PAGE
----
management. If, by raising it too high, he 
discourages the consumption so much that the 
supply of the season is likely to go beyond the 
consumption of the season, and to last for some 
time after the next crop begins to come in, he 
runs the hazard, not only of losing a considerable 
part of his corn by natural causes, but 
of being obliged to sell what remains of it 
for much less than what he might have had 
for it several months before. If, by not raising 
the price high enough, he discourages 
the consumption so little, that the supply of 
the season is likely to fall short of the consumption 
of the season, he not only loses
part of the profit which he might otherwise 
have made, but he exposes the people to suffer 
before the end of the season, instead of 
the hardships of a dearth, the dreadful horrors 
of a famine. It is the interest of the people 
that their daily, weekly, and monthly consumption 
should be proportioned as exactly 
as possible to the supply of the season. The 
interest of the inland corn dealer is the same. 
By supplying them, as nearly as he can judge
in this proportion, he is likely to sell all his 
corn for the highest price, and with the greatest 
profit; and his knowledge of the state of 
the crop, and of his daily, weekly, and monthly 
sales, enables him to judge, with more or less 
accuracy, how far they really are supplied in 
this manner. Without intending the interest 
of the people, he is necessarily led, by a regard 
to his own interest, to treat them, even 
in years of scarcity, pretty much in the same 
manner as the prudent master of a vessel is 
sometimes obliged to treat his crew. When 
he foresees that provisions are likely to run 
short, he puts them upon short allowance. 
Though from excess of caution he should 
sometimes do this without any real necessity
yet all the inconveniencies which his crew can 
thereby suffer are inconsiderable, in comparison 
of the danger, misery, and ruin, to which 
they might sometimes be exposed by a less 
provident conduct. Though, from excess of 
avarice, in the same manner, the inland corn 
merchant should sometimes raise the price of 
his corn somewhat higher than the scarcity of 
the season requires, yet all the inconveniencies 
which the people can suffer from this conduct
which effectually secures them from a famine 
in the end of the season, are inconsiderable
in comparison of what they might have been 
exposed to by a more liberal way of dealing 
in the beginning of it. The corn merchant 
himself is likely to suffer the most by this excess 
of avarice; not only from the indignation 
which it generally excites against him, 
but, though he should escape the effects of 
this indignation, from the quantity of corn 
which it necessarily leaves upon his hands in 
the end of the season, and which, if the next 
season happens to prove favourable, he must 
always sell for a much lower price than he 
might otherwise have had. 
Were it possible, indeed, for one great company 
of merchants to possess themselves of 
the whole crop of an extensive country, it 
might perhaps be their interest to deal with 
it, as the Dutch are said to do with the spiceries 
of the Moluccas, to destroy or throw 
away a considerable part of it, in order to 
keep up the price of the rest. But it is scarce 
possible, even by the violence of law, to establish 
such an extensive monopoly with regard 
to corn; and wherever the law leaves the trade 
free, it is of all commodities the least liable to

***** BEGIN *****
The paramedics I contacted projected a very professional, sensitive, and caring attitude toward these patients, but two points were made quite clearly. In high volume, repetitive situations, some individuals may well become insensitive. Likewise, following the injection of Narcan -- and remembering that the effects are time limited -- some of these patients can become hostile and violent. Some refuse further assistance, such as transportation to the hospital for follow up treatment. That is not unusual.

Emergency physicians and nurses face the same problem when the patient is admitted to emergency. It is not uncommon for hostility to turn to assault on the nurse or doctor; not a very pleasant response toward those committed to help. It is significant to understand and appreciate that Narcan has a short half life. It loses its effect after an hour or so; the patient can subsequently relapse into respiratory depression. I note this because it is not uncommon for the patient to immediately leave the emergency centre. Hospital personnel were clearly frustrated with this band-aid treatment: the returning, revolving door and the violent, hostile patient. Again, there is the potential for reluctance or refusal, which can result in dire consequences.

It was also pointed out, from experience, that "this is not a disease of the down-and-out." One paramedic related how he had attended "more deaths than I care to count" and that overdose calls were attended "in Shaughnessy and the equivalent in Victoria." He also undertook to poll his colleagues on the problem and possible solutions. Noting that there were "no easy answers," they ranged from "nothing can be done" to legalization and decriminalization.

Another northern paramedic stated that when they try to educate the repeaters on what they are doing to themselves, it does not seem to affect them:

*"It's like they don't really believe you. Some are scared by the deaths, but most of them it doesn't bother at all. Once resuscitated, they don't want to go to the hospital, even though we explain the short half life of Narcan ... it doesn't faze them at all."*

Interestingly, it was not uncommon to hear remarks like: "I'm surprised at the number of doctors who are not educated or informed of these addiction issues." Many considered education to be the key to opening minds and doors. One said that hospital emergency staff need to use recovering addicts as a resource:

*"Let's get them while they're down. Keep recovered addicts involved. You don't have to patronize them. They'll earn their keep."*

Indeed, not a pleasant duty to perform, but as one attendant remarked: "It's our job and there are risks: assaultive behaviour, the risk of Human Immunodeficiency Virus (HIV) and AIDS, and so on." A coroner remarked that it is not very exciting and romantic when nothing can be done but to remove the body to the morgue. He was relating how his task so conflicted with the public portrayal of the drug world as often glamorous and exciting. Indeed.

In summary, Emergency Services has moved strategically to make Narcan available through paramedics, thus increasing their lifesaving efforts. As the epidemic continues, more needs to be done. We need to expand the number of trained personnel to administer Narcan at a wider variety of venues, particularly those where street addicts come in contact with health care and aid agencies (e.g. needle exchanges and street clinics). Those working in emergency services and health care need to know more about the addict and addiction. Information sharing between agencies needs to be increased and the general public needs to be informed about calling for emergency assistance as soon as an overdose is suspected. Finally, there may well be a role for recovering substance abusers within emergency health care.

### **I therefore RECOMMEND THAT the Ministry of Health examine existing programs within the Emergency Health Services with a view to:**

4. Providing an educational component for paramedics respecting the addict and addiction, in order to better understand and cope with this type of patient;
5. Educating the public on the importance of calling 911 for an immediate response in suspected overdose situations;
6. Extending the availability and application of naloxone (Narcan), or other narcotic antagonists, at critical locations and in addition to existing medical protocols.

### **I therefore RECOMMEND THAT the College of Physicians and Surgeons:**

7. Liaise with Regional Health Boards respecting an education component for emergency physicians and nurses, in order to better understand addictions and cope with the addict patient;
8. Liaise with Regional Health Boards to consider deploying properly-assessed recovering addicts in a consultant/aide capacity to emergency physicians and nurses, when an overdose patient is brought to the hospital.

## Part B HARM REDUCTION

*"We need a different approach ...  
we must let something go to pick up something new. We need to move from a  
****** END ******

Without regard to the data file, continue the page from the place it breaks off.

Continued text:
be engrossed or monopolized by the force of 
a few large capitals, which buy up the greater 
part of it. Not only its value far exceeds what 
the capitals of a few private men are capable 
of purchasing; but, supposing they were capable 
of purchasing it, the manner in which 
it is produced renders this purchase altogether 
impracticable. As, in every civilized 
country, it is the commodity of which the annual 
consumption is the greatest; so a greater 
quantity of industry is annually employed in 
producing corn than in producing any other 
commodity. When it first comes from the 
ground, too, it is necessarily divided among a 
greater number of owners than any other commodity
and these owners can never be collected 
into one place, like a number of independent 
manufacturers, but are necessarily 
scattered through all the different corners of 
the country. These first owners either immediately 
supply the consumers in their own 
neighbourhood, or they supply other inland 
dealers, who supply those consumers. The 
inland dealers in corn, therefore, including 
both the farmer and the baker, are necessarily 
more numerous than the dealers in any other 
commodity; and their dispersed situation renders 
it altogether impossible for them to enter 
into any general combination. If, in a year 
of scarcity, therefore, any of them should find 
that he had a good deal more corn upon hand 
than, at the current price, he could hope to 
dispose of before the end of the season, he 
would never think of keeping up this price to 
his own loss, and to the sole benefit of his 
rivals and competitors, but would immediately 
lower it, in order to get rid of his corn 
before the new crop began to come in. The 
same motives, the same interests, which would 
thus regulate the conduct of any one dealer
would regulate that of every other, and oblige 
them all in general to sell their corn at 
the price which, according to the best of their 
judgment, was most suitable to the scarcity or 
plenty of the season
Whoever examines, with attention, the history 
of the dearths and famines which have 
afflicted any part of Europe during either the 
course of the present or that of the two preceding 
centuries, of several of which we have 
pretty exact accounts, will find, I believe, that 
a dearth never has arisen from any combination 
among the inland dealers in corn, nor